‘Culture of arrogance’ says Union Tribunal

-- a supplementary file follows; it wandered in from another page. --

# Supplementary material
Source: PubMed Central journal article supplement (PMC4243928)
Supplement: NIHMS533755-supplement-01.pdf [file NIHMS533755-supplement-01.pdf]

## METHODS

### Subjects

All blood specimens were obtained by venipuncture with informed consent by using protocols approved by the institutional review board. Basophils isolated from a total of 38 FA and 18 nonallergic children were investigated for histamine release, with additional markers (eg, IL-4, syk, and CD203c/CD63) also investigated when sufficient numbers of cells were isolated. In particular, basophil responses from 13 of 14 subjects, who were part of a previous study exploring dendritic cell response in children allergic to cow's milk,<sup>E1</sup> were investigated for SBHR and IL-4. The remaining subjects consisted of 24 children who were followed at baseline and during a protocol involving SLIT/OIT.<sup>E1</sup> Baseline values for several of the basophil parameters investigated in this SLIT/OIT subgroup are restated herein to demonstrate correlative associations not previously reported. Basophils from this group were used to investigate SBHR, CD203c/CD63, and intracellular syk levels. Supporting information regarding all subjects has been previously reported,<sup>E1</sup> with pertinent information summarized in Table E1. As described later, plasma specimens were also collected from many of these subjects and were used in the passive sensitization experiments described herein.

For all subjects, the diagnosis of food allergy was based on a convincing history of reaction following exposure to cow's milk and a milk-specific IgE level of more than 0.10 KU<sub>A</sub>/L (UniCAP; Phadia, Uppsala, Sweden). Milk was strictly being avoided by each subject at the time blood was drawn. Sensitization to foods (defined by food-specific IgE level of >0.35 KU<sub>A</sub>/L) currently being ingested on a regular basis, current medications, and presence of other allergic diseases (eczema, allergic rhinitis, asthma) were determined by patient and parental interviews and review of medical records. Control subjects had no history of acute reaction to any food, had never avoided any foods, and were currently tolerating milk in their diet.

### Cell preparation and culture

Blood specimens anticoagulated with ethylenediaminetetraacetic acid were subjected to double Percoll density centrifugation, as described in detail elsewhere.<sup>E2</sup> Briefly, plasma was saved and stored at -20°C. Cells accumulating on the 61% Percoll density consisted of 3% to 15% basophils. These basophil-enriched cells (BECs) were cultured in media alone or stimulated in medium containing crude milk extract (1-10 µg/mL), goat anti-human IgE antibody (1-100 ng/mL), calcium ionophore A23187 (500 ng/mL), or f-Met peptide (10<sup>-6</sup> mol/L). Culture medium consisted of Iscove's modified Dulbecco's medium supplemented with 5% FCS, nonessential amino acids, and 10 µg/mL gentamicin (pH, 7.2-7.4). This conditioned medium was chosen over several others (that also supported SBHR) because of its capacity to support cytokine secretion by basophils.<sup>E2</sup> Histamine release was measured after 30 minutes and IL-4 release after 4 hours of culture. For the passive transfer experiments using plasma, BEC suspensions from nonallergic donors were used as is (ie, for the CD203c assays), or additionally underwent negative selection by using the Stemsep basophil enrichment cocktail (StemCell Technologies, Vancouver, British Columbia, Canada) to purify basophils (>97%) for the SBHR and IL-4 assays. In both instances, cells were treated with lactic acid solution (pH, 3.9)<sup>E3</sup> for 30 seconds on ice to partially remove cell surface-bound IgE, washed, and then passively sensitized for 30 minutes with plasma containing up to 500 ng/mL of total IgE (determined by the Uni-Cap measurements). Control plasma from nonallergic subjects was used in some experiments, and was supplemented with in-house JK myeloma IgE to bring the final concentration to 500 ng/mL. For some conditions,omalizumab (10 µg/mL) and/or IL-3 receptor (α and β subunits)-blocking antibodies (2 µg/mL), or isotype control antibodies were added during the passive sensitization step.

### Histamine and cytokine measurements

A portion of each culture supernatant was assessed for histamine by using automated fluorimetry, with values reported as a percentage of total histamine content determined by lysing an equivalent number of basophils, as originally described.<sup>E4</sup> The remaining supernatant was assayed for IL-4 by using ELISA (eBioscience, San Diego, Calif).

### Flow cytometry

first_imgUPDATED Thursday 6th December A report issued by the tribunal investigating last term’s Union Presidential election is highly critical of key figures involved in the allegations, Cherwell24 has learned.Disqualified candidate, Krishna Omkar, is reprimanded in the report for showing a “disturbing arrogance” towards the rules of the Union and the tribunal. In particular, Omkar is alleged to have intimidated a key witness from giving evidence at the tribunal.The witness, a senior figure at the Oxford Student, was said to appear “intimidated and upset” while giving her evidence, and produced a text message from Omkar that appeared to corroborate her claims.The electoral malpractice charges against Krishna centre on a meeting held at Magdalen College the evening before the election, which was supposedly a ‘slate party’. Krishna and his associates are alleged to have been ‘lining’, a practice whereby candidates encourage members to vote for a string of other candidates, all of whom attract votes for one another.Alex Priest, Returning Officer of the Union, said, “I am aware that in the past there have been slates but they’re bad for the Union because they mean the wealthy and the popular but not necessarily hard-working get ahead…They’re inherently unfair.” When approached, Krishna declined to comment due to Union regulations.The panel of three who authored the report also state their ‘dismay’ that outgoing Union President Luke Tryl and “at least one Deputy Returning Officer” were present at the ‘slate’ meeting, when their positions “demanded the discouraging of electoral malpractice.”Several other members came under fire for displaying “a startling lack of integrity”, for seeking to disrupt the tribunal proceedings, and the panel lambaste what they see as a “culture of arrogance” where “overt and complacent disregard for the Rules is tolerated.”Under the tribunal ruling, Krishna Omkar is disqualified from standing in a re-run of the polls next term, although it is suggested that Charlotte Fischer, another Presidential candidate who brought the original complaints, will not seek to stand either. UPDATE: Krishna Omkar today lodged a formal appeal against the tribunal’s ruling. Union Returning Officer Alex Priest told Cherwell24 that “Mr Omkar has lodged an appeal on the grounds of Rule 33(d)(i) (1), (2), and (3).” These relate to: breach of tribunal procedures as outlined in the rules, that the decision of the tribunal was founded on an error of law, and that there has been a breach of any of the Principles of Natural Justice. Further details of Omkar’s claims based on these grounds are not known.It is not yet known when the hearing will take place. However, the Appellate Board must report back within 28 days of Notice of Appeal.The Appellate Board is convened by the Returning Officer under the instructions of the Senior Officers of the Union, and consists of three members of Convocation, which is the body formed by all graduates of the University. Check back to Cherwell24 for more coverage as events unfold.Additional reporting, Laura Pitellast_img read more